Curriculum Analysis

It is now the end of the school year for DYN and this is where we take the opportunity to reflect on teaching and learning as it relates to the curriculum. 

This past week and the next two weeks of June we will spend analyzing the Record Label Class, Digital Storytelling, and afterschool pods.

Each mentor will be expected to analyze her units, making sure that the following are intact:

  • 1) each unit has a master project attached to it; that each deliverable has a rubric criteria associated with it for assessment purposes;
  • 2) each lesson created includes activities leading up to the appropriate deliverable;
  • 3) activities are structured in a way that is engaging and meets the learning outcome; and
  • 4) overall that the lesson in each unit makes sense and does what it needs to meet the learning goal(s).

In order to achieve this, mentors were provided with a curriculum analysis template that was created by me. The template simply outlines the content of the unit, such as the project, rubrics, duration of lessons, and the activities related to the deliverables. The purpose of the template is to help the mentors see how all the pieces of the curriculum are connected. Based on the framework (curriculum, instruction, and assessment) that DICE provides, mentors are able to redesign the curriculum.

They do this by looking at their units and then pose questions in the curriculum template that enables them to explore:

  • what might be missing;
  • what didn’t work well; and/or
  • what needs to be changed as it relates to their overall units.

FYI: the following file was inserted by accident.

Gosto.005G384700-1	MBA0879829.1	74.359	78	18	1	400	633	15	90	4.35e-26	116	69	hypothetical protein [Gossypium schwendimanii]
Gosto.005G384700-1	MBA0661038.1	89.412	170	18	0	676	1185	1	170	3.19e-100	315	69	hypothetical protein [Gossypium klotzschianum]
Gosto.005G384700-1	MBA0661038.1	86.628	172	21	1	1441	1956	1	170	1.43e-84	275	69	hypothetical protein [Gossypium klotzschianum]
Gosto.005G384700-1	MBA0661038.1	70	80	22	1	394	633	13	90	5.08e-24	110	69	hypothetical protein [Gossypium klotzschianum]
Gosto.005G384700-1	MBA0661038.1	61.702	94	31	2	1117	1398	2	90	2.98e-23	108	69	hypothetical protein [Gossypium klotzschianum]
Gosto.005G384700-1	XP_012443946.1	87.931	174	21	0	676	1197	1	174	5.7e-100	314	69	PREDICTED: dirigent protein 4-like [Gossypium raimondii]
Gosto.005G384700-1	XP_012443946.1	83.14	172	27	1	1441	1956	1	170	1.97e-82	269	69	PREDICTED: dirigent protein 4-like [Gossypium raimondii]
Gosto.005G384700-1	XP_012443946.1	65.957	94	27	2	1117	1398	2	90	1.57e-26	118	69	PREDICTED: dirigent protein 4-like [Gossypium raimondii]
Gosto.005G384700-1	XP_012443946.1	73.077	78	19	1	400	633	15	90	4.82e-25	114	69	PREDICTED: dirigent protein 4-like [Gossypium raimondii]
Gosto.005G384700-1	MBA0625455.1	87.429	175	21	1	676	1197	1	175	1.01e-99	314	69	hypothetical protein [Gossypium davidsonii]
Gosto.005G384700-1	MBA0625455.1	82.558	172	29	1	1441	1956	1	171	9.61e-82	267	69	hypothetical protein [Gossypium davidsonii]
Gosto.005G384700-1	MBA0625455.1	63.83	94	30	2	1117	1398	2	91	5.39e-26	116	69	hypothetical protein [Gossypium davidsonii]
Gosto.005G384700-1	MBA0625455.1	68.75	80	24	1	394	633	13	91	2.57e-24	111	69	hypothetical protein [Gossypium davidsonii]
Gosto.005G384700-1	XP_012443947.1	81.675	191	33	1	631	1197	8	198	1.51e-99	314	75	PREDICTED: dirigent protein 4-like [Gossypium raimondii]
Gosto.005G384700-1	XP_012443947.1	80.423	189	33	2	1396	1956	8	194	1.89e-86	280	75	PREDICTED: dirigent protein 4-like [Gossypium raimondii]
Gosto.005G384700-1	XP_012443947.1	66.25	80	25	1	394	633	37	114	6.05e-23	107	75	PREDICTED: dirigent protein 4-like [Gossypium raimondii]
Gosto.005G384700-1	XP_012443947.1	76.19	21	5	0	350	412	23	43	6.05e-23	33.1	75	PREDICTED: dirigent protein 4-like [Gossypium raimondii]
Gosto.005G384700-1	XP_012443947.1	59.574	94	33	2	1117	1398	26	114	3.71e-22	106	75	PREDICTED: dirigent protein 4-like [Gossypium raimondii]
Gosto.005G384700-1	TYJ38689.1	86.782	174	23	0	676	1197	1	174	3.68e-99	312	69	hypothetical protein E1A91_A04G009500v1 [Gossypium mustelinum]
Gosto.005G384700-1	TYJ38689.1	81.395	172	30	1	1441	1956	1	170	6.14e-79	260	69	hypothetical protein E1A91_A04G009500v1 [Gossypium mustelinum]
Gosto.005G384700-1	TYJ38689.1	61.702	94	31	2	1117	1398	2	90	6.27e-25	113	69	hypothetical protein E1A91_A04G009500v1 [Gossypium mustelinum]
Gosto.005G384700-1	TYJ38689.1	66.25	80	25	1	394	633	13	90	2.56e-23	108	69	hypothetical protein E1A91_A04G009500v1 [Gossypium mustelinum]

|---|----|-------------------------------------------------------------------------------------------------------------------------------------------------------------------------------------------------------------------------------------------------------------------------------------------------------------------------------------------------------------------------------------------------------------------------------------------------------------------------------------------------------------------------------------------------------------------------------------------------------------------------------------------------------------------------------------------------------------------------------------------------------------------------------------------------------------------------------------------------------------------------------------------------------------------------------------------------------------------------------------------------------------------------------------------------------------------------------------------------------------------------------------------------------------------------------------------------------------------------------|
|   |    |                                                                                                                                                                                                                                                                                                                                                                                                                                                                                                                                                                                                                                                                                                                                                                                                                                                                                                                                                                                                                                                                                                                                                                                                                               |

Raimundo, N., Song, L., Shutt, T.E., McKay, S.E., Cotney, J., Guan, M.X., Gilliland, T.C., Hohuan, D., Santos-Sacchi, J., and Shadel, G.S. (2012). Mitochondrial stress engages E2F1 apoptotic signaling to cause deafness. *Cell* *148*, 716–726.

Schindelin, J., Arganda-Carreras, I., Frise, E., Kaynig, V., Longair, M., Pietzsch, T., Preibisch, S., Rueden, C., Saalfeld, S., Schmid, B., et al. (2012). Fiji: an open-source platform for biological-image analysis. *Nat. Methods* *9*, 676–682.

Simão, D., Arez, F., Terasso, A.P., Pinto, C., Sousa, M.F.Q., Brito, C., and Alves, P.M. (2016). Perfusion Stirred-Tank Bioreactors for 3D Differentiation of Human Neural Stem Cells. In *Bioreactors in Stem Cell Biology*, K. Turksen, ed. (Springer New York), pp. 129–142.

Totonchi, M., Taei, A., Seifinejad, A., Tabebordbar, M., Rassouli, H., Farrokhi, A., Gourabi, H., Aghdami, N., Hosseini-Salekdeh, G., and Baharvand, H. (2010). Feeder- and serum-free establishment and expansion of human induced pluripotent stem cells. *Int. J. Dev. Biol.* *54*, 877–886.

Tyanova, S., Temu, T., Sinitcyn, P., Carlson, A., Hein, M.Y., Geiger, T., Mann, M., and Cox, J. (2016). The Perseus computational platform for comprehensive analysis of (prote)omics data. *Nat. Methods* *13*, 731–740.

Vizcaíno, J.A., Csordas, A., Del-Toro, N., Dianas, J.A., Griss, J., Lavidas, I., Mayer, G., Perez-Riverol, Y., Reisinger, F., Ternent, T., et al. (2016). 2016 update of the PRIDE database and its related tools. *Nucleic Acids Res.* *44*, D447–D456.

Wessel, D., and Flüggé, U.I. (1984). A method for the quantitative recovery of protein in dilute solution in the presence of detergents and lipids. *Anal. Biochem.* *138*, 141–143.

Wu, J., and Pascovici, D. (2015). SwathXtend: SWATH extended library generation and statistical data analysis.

For example, one mentor took the process one step further in her planning by mapping out units to ensure they reflect the lessons learned from this school year and meet the expectations.

Having the units, lessons, projects, and rubrics housed in DICE has enabled the facilitation of curriculum conversations and processes that help mentors see the big picture. DICE has allowed me, as a coach, to facilitate substantive reflection and sharing that allows mentors to draw conclusions; and frame what the mentors understand so that we all share one common language.

Next school year, the mentors will be able to apply the revisions they made this year in their classrooms and once again, with the help of DICE, we will be able to reflect, determine lessons learned, frame the lessons in their proper context, and apply those lessons as we continue to remix lessons using this process and tool. I believe that mentors have found this process to be helpful because it allows them to analyze what’s been done, which leads them to what needs to be changed.

It has been great to see them engage in this process, and I do believe that doing this work now as opposed to over the summer proves to be beneficial as well because they are still in the “willingness to learn” phase.